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Why banning immigration consultants would backfire

Delilah Gutierrez, 10, holds a sign during a Feb. 16, 2017, protest in San Francisco against President Donald Trump’s efforts to crack down on illegal immigration.
Delilah Gutierrez, 10, holds a sign during a Feb. 16, 2017, protest in San Francisco against President Donald Trump’s efforts to crack down on illegal immigration. Associated Press

Sometimes bills written with the best of intentions backfire. Assembly Bill 638 has an admirable goal of reducing immigration fraud, but would make it harder for immigrants to get help with routine visa applications.

This bill – set to go before the Senate Appropriations Committee on Monday – would eliminate the jobs of immigration consultants, a low-cost resource for immigrants who need non-legal assistance.

 
Opinion

Immigration consultants translate and fill out visa forms and help secure supporting documents, such as birth certificates. Poor immigrants turn to consultants because they can’t afford lawyers, who often charge thousands of dollars more to prepare a routine visa application.

Nonprofit organizations, operating with a small number of volunteer attorneys and fewer than 300 federally-accredited non-attorney representatives across California, cannot fill this affordability gap because there aren’t enough of them.

Proponents of AB 638 – introduced by Assemblywomen Anna Caballero, D-Salinas, and Lorena Gonzalez Fletcher, D-San Diego – claim immigration consultants should be eliminated because they lack the training to spot legal problems, putting immigrants in jeopardy of deportation. But well-trained consultants know their limits, and use attorney-developed screening questions to identify cases to refer to attorneys.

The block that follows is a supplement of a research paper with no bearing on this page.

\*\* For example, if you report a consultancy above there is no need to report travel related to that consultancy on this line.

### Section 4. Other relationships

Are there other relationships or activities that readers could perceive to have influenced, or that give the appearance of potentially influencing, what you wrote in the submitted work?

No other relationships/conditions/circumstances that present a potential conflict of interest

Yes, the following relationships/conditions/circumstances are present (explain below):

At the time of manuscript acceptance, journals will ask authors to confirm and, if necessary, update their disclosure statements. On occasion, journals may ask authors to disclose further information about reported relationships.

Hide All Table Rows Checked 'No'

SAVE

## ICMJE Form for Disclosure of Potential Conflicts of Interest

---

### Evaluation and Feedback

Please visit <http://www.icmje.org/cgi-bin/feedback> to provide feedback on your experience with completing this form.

The bill’s supporters urge this drastic step in the name of protecting immigrants. But California’s approximately 1,000 bonded immigration consultants undergo a background check and most are honest people who have been in business for decades and have helped thousands of immigrants. Many are female, Hispanic small business owners and many are immigrants themselves. Along with their employees, they will be financially destroyed by AB 638.

And unless immigrants can come up with enough money for legal fees, they would be on their own and could fall prey to criminals offering unregulated “assistance.” There are ways immigration consultant services could be improved to genuinely protect immigrants, but that’s not what AB 638 does.

Let’s not deprive low-income immigrants of access to the help they need with this “right issue, wrong solution” bill.

Arnold S. Rosenberg, former assistant dean of California Western School of Law, is administrator of the bankruptcy program at the Legal Aid Society of San Diego. The views are his own, and he can be contacted at arosenberg760@gmail.com.

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